Star Trek has had a huge impact on pop culture for a series that lasted just three seasons, the last of which forgettable at best. It was the first serious science fiction TV series that featured a world different from this one (“The Twilight Zone” and “The Outer Limits” were usually set on present-day Earth) as its setting. The format allowed drama, action and adventure, and even comedy interspersed with metaphorical explorations of issues of the turbulent 1960s. Some of the era’s greatest science fiction writers wrote scripts for the original series.
The beauty of Star Trek was that, as long as the viewer was willing to suspend disbelief (which is required of all fiction — ever seen a red police car with a big white stripe in real life, or a doctor who loses a limb and then his life to a helicopter, or a TV series that lasts four times as long as the war on which it’s based?), the viewer would be presented with a message, or with 60 minutes of entertainment, or both. (Or neither, in the case of much of the original series’ third season.)
My favorite character is Kirk. (The fact that I’m a Myers–Briggs ESTJ has nothing to do with that, I think.) As portrayed in the first series, he is the fully realized man — an explorer, a fearless warrior when he needs to be, compassionate, someone who does the right thing instead of the safe or expedient thing (it’s hard to imagine the career of someone in today’s military surviving the number of head-butting incidents with higher authority), a wit (he had — will have? — good writers), willing to nuke the rulebook when appropriate, cool or hot when necessary, an idealist and an optimist, full of both guts and character, and capable of earning almost fanatic loyalty from his people. (And with an active, though exaggerated, social life.) If those sound like the qualities of a good CEO or even manager, that may not have been an accident.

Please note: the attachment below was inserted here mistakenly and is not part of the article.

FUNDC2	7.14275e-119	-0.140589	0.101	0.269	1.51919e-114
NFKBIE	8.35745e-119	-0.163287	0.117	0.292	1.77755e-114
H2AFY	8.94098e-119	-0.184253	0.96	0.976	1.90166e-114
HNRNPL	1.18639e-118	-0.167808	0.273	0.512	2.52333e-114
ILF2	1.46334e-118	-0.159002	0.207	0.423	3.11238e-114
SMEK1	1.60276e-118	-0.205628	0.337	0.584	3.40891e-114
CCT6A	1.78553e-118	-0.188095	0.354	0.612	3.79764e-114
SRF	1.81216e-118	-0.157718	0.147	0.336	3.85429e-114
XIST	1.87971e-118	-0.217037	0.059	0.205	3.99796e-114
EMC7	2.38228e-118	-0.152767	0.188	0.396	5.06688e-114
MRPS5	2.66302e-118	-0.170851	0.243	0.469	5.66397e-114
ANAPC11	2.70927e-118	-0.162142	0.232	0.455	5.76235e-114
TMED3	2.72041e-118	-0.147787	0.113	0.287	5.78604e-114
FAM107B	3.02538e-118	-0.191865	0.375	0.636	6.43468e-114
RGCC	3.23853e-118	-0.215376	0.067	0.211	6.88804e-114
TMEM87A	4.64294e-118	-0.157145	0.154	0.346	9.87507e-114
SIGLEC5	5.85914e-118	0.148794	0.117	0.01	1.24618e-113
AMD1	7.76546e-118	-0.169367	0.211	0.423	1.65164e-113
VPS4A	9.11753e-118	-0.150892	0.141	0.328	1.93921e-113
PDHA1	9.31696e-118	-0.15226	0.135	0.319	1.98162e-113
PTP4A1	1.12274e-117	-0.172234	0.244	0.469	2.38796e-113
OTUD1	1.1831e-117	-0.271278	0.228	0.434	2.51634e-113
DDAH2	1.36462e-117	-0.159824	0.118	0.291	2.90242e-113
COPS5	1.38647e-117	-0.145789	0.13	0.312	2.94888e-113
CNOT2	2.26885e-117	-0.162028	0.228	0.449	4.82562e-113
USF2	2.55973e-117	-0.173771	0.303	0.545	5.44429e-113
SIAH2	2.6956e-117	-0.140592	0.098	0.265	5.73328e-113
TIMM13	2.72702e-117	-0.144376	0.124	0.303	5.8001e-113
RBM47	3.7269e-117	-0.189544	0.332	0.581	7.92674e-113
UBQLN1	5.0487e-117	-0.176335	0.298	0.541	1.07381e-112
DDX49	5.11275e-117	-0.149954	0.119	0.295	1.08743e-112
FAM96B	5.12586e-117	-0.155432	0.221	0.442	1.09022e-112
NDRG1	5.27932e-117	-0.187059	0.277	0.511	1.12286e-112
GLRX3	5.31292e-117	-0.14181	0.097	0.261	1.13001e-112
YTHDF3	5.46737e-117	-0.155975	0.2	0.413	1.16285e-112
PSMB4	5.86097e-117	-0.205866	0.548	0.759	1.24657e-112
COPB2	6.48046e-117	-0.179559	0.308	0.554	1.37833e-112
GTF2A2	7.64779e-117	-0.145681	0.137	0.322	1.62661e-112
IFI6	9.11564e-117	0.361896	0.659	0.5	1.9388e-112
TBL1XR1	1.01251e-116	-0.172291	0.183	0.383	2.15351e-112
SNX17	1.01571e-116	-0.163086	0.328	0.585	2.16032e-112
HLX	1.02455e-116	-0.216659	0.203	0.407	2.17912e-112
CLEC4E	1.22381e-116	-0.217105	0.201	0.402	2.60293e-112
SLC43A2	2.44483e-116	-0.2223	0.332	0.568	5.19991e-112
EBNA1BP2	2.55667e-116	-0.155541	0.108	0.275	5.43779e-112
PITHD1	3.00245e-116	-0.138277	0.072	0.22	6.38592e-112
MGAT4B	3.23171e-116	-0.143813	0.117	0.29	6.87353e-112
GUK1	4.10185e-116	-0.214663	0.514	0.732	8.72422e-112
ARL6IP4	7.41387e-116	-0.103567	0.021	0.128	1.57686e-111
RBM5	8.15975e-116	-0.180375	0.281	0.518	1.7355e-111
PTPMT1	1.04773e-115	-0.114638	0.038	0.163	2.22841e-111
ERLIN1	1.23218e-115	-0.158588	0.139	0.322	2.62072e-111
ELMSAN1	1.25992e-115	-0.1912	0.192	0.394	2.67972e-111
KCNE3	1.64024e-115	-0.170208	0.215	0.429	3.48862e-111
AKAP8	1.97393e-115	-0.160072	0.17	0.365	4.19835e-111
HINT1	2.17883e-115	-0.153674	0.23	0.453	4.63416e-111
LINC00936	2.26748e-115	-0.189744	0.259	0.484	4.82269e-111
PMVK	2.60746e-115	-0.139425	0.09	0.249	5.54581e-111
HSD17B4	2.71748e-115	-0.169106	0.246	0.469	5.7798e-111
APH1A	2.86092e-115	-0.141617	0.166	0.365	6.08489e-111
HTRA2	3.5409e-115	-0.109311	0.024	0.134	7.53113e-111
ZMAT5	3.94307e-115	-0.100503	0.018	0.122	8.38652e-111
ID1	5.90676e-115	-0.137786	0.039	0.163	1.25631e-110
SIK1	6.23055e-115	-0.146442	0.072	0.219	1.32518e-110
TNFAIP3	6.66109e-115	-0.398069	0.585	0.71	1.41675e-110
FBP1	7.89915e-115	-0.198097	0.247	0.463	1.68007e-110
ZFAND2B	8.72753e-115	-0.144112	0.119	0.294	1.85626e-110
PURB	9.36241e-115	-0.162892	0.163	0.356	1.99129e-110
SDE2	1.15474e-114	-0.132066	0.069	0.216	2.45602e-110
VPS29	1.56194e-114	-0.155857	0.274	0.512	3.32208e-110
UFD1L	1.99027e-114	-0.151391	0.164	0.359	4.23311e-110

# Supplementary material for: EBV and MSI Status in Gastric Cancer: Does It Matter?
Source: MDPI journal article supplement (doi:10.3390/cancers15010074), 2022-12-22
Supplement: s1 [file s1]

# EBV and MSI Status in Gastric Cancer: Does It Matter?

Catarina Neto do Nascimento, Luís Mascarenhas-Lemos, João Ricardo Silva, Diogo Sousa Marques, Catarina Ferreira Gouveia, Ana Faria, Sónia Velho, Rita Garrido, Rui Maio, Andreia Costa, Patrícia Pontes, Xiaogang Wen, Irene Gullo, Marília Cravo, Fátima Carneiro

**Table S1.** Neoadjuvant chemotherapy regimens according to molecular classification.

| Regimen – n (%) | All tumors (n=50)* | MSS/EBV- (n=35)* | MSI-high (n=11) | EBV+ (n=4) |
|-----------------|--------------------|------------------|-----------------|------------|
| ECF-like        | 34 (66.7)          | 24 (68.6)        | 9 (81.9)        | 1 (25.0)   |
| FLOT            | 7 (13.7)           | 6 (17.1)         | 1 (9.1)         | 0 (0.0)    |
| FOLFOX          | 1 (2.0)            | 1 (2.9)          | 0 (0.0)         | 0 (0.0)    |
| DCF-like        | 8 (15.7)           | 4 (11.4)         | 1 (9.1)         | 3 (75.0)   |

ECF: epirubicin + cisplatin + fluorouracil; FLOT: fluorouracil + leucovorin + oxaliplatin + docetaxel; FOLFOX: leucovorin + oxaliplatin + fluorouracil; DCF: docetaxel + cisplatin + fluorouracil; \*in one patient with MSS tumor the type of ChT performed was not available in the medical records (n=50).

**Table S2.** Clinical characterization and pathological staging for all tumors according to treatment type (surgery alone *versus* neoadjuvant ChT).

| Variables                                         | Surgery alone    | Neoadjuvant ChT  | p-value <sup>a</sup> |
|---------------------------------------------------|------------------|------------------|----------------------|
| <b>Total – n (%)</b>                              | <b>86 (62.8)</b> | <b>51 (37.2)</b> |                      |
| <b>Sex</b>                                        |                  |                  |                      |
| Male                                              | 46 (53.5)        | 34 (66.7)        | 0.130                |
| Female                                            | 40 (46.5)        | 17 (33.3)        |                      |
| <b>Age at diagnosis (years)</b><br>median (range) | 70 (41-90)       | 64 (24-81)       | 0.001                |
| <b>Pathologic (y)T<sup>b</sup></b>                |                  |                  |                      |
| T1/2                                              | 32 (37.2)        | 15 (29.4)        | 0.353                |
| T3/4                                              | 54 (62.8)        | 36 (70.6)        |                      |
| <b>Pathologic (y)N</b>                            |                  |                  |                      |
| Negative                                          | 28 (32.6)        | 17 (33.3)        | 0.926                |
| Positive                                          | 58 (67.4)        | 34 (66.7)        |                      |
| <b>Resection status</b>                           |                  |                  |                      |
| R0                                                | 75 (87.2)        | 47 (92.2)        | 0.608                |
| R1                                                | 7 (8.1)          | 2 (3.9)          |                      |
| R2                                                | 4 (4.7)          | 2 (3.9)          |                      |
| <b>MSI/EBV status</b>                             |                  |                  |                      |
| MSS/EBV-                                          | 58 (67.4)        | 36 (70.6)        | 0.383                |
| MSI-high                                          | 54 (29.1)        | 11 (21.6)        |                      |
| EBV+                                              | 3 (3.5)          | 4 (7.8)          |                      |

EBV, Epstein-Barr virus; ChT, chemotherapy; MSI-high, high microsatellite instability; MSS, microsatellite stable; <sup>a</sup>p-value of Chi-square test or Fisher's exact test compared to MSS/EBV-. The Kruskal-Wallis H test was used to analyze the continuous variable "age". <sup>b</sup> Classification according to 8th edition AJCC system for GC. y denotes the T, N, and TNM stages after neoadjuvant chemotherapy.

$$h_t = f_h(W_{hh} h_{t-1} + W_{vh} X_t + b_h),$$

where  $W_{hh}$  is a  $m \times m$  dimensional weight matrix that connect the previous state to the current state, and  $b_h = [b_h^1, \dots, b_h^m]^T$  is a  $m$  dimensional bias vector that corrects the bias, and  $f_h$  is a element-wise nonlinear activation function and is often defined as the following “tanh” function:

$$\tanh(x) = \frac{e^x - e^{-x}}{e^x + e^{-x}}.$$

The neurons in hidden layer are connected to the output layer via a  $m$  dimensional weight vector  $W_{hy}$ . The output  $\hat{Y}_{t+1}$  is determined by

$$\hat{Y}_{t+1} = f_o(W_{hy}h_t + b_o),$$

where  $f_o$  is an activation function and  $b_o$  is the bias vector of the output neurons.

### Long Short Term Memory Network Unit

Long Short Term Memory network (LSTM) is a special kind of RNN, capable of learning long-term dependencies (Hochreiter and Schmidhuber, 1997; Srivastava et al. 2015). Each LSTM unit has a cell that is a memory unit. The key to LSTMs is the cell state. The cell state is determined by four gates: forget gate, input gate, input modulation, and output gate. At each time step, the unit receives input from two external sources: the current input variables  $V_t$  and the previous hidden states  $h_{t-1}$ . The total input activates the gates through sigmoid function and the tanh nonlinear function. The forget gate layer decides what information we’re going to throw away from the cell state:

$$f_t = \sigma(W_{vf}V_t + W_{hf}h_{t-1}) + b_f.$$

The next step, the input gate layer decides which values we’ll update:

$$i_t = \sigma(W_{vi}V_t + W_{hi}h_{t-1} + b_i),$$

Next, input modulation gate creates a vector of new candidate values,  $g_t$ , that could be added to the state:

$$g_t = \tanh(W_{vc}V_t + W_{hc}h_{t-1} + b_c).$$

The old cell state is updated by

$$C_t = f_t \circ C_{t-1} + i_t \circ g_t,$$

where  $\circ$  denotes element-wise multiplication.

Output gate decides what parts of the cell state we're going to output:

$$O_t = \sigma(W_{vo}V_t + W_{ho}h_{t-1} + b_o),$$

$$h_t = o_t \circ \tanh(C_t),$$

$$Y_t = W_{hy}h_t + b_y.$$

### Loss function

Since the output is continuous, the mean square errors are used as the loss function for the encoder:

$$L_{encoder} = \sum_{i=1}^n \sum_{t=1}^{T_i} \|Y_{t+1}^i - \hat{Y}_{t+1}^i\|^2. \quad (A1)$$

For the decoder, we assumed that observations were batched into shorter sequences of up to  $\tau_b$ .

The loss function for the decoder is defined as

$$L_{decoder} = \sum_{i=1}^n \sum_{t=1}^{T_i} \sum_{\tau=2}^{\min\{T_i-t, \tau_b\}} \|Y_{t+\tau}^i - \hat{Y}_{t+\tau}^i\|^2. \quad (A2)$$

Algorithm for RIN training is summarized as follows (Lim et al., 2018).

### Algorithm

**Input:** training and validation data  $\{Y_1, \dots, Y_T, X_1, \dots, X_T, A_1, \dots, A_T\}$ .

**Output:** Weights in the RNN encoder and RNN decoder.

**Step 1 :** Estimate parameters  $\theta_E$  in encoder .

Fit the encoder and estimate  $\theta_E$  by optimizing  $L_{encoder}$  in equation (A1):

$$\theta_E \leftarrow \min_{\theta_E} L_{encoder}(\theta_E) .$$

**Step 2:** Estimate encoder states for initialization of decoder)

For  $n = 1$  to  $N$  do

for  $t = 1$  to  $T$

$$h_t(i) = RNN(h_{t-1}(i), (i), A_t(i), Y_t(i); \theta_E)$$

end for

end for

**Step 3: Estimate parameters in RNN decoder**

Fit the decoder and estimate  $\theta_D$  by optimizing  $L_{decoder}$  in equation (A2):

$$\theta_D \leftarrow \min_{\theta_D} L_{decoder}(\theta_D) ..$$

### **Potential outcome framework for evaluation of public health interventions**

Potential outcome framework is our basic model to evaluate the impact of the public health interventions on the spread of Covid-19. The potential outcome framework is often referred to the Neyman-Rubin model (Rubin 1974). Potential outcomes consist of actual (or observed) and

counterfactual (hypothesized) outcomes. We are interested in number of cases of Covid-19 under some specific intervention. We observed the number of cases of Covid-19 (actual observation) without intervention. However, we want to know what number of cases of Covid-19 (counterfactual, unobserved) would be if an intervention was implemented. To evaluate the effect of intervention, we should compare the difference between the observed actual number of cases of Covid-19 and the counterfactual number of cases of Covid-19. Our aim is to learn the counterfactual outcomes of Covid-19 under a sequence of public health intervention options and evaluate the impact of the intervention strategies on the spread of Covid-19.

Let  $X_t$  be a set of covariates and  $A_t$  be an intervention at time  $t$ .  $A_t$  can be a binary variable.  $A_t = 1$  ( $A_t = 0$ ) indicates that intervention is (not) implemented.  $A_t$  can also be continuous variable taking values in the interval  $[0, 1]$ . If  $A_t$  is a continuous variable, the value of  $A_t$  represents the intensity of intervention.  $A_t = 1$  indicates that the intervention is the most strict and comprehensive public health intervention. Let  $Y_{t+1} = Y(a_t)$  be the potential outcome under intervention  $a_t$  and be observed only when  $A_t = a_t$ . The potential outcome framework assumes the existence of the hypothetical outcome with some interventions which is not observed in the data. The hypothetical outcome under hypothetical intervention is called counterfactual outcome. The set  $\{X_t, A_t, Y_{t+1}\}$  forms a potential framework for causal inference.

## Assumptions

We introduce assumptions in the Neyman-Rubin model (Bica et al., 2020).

The next series, “Star Trek: The Next Generation,” goes even farther. A first-season episode features the discovery of a satellite inside which three people from the 20th century were cryogenically frozen. One of them was a Donald Trump-type who discovered that all his wealth had disappeared, but that was OK because, in the words of the captain, in the 23rd century “We have eliminated need.” That series also introduced the Ferengi, which “have a culture which is based entirely upon commerce”; more accurately, the Ferengi combine the worst stereotypical abuses of unfettered capitalism with the worst stereotypical abuses of patriarchy. Suffice it to say that it is not a positive portrait.
As far as I know, the creators and owners of Star Trek have never made specific the economic system that is used in the Star Trek universe. I doubt they have much of an idea, other than it’s not capitalism, doesn’t use “free” markets, and is probably quite just. From various quotes from movies and the TV shows, we know that they don't use money (Star Trek IV), they use “credits” (Deep Space Nine), that the encouraged point to life is self improvement, not aggrandizement by wealth (The Next Generation) …
The basic problem is that Leninist workers paradises don’t work. That's why the Soviet Union early on abandoned its efforts to have a cashless society and reintroduced the use of money.Then there's that sticky issue of religion, which is as fundamental a flaw in the concept of Star Trek as its pseudoeconomics, as this writer points out:
Money plays a vital role: It tells you how much somebody wants something that is in short supply. Person A wants to have something that Person B also wants to have (say, a nice fluffy tribble that has been safely neutered). Who wants it more? Money is the best way to settle that. (Fisticuffs not being a good way.) You want this tribble? How much are you willing to pay for it? Supply and demand. …
A society of humans couldn’t be more advanced than us and yet lack money. Whether cash or electronic, money is the most efficient way of settling how wants what how much and thus who gets it. It’s the best way to organize resources on a wide scale. Any other system is going to be inefficient and result in the misallocation of resources and greater human suffering.